African American man embracing the sun on the beach
African American man embracing the sun on the beach



Bud Billiken Day back to school Parade is nearing and you should be preparing.  Get your folding chair out of the closet,  pack a sun hat to protect your face, take a hand fan, take water and  make sure that you added a little lemon juice. Hydrate yourself. Drink more water even when you think you’ve drank enough.

In your bag of goodies you should have a damp towel in a zip bag or some baby wipes to wash off the perspiration. The sun may be dangerously high so you better have your sunscreen. And perhaps most importantly protect your skin. Because you’re Black is no excuse for not applying sunscreen.
People enjoy the sun. Some worship it. Sunlight is essential to many living things. But sunlight can be dangerous if abused. It can harm your skin and even your eyes. The good news is you can take some simple steps to protect your body from sun damage and still enjoy the sun’s healthful effects.
Though our bodies are built to make good use of the sun. Sunlight helps keep our sleeping patterns on track so we can stay awake by day and sleep soundly at night. Getting too little sun, can leave some people prone to a form of depression known as seasonal affective disorder. Sunlight also helps our skin make vitamin D, which is needed for normal bone function and health. Yet sunlight can also cause damage.
Too much exposure to UVB rays can lead to sunburn. UVA rays can travel more deeply into the skin than UVB rays, but both can affect your skin’s health. When UV rays enter skin cells, they upset delicate processes that affect the skin’s growth and appearance.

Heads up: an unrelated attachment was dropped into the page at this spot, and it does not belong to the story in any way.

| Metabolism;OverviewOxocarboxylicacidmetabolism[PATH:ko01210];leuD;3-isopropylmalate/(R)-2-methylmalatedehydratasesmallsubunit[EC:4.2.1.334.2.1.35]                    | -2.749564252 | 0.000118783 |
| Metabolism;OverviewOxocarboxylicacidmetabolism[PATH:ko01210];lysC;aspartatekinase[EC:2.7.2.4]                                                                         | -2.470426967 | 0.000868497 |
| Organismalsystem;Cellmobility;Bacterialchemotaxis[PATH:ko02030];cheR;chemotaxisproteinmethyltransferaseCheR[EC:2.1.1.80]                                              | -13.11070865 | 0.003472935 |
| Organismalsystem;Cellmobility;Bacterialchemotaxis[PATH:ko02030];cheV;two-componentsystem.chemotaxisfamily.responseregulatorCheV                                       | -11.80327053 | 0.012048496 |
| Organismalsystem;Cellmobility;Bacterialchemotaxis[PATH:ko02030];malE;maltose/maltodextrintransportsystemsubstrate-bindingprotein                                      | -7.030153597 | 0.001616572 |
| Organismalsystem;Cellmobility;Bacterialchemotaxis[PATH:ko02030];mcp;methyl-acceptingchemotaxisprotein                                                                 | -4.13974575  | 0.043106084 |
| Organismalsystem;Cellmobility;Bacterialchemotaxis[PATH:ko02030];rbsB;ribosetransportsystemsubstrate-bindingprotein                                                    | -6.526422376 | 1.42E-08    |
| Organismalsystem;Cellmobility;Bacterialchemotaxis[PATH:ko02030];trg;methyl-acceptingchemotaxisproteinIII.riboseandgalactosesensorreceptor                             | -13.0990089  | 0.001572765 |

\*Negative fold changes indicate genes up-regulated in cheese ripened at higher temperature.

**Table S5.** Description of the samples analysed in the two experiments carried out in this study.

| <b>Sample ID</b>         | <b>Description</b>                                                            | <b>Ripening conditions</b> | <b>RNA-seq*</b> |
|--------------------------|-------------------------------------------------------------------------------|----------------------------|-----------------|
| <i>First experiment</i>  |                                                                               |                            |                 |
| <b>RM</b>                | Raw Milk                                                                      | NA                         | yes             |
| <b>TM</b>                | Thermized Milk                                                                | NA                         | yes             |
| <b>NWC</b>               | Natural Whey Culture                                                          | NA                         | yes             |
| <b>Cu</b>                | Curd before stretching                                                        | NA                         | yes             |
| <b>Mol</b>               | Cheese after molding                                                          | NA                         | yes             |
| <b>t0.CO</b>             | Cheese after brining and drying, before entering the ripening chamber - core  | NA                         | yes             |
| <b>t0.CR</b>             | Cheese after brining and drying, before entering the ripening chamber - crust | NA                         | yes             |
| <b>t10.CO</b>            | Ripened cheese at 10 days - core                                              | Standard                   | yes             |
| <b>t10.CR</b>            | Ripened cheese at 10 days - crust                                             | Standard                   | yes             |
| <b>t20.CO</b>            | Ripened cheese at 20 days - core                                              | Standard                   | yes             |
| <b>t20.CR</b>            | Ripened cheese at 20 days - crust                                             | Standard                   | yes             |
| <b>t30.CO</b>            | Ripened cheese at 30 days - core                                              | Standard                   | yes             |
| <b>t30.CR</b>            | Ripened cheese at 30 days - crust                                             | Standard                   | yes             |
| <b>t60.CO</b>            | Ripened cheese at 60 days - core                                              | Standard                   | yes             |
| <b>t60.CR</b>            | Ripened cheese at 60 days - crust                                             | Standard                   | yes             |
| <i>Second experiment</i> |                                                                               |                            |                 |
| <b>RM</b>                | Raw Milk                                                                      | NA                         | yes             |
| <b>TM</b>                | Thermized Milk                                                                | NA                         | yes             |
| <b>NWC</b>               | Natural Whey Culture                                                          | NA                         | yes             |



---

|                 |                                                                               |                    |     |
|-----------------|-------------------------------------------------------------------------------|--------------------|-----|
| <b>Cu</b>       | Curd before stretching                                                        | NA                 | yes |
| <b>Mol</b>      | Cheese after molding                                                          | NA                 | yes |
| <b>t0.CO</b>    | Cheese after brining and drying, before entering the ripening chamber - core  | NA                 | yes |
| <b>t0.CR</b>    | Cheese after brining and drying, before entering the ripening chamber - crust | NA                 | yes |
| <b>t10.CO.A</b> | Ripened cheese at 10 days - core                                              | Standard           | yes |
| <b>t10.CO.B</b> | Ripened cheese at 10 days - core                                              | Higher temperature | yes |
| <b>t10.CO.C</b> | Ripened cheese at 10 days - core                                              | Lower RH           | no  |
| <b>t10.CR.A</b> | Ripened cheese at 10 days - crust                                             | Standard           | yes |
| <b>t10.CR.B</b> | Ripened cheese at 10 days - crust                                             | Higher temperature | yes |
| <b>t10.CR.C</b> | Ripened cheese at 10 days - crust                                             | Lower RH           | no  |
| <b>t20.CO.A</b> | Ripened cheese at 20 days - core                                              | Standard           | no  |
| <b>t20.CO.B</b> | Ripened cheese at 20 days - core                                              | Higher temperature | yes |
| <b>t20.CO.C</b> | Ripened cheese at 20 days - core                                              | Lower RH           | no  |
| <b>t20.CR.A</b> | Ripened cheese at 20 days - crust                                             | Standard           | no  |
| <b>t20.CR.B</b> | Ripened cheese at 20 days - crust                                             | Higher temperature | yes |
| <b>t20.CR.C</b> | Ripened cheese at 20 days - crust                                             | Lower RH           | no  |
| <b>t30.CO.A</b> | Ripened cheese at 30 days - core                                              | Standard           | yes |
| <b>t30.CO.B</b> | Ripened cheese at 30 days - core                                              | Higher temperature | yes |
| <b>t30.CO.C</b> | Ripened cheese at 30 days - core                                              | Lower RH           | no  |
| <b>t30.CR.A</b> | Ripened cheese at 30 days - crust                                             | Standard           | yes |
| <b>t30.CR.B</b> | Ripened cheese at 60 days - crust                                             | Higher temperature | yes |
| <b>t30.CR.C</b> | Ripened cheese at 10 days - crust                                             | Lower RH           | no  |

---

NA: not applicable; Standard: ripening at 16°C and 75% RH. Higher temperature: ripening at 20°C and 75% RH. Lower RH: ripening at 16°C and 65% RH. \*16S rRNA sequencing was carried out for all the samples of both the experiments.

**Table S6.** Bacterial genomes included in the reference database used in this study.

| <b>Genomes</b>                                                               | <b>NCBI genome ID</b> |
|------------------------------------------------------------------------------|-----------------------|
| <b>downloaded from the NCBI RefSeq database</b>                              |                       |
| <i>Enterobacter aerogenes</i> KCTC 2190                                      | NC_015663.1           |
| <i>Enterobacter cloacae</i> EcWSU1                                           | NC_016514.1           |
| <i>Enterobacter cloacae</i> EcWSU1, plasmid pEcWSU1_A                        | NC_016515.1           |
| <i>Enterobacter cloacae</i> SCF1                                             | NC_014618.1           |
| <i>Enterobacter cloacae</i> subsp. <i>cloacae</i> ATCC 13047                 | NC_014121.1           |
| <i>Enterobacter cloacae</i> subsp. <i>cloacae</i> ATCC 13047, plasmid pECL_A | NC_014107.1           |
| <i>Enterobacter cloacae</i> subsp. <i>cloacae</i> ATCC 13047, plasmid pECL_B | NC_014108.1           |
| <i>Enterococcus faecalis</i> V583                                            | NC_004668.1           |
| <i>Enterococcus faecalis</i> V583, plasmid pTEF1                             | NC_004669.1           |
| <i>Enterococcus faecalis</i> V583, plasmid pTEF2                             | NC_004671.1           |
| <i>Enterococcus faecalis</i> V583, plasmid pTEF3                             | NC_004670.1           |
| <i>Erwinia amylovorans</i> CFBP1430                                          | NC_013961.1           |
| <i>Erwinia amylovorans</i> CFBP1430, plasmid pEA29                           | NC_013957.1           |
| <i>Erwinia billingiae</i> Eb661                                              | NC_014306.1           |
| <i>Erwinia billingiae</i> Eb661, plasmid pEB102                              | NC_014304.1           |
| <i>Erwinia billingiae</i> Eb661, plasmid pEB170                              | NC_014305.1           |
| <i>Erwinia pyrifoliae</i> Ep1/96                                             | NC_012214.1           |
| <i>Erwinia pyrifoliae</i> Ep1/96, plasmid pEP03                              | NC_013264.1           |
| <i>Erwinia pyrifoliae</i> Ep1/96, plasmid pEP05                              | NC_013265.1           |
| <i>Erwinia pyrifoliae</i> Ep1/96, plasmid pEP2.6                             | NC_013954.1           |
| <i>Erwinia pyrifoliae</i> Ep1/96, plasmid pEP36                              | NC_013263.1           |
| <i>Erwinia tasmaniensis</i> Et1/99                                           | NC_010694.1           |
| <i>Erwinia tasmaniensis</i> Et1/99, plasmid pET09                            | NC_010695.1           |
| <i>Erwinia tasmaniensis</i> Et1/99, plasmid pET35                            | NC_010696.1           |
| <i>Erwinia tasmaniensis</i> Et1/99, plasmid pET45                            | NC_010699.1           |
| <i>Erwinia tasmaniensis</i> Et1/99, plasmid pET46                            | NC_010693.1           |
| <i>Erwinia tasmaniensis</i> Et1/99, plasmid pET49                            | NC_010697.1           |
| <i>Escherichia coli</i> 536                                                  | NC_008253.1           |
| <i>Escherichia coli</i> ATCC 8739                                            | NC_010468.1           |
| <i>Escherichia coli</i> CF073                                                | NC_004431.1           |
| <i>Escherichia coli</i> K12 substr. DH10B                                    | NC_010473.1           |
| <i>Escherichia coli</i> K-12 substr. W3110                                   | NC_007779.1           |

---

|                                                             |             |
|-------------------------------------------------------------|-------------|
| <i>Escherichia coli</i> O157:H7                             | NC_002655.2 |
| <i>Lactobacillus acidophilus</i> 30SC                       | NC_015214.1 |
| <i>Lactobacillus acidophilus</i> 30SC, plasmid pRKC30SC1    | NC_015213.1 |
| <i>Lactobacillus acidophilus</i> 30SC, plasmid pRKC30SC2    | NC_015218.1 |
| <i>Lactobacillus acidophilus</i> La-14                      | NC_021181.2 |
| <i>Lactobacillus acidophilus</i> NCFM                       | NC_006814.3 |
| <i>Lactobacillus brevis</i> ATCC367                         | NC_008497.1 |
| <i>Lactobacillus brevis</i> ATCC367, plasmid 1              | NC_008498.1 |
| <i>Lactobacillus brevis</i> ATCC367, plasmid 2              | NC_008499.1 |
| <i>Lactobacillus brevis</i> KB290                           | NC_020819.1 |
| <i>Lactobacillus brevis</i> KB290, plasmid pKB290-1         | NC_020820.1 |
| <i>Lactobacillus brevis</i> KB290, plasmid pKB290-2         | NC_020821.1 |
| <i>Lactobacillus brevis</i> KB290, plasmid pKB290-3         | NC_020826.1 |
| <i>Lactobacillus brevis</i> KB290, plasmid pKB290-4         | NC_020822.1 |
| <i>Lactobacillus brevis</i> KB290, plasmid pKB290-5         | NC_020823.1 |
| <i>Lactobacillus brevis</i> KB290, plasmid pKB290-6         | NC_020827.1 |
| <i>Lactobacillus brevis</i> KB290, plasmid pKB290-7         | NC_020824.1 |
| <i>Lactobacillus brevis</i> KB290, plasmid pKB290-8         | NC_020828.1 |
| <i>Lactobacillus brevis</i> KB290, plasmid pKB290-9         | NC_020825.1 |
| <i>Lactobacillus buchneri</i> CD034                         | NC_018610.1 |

Over time, exposure to these rays can make the skin less elastic. Skin may even become thickened and leathery, wrinkled, or thinned like tissue paper. “The more sun exposure you have, the earlier your skin ages,” 
There are several precautions you can take to ensure that your skin stays healthy and beautiful. Check out these following tips that we provided in a recent article about melanoma about how to protect your skin from the scorching hot sun this summer:

  • Apply the sunscreen liberally to all exposed areas of the skin at least 15 minutes before stepping foot outside reapply every two hours.
  • Make sure you get the hard-to-reach areas, including the back. Ask a close friend or family member to apply it for you. Better yet, a lot of sunscreens come in the form of a spray so you can avoid those awkward backrubs.
  • If you can, avoid being outdoors from 10 a.m. to 4 p.m. Why? That’s when the UV rays are the strongest.
  • Wear protective clothing, including UV-blocking sunglasses and sun hats.
  • It’s a log day to be outside. Use a broad-spectrum sunscreen that has a SPF of 30 or higher.



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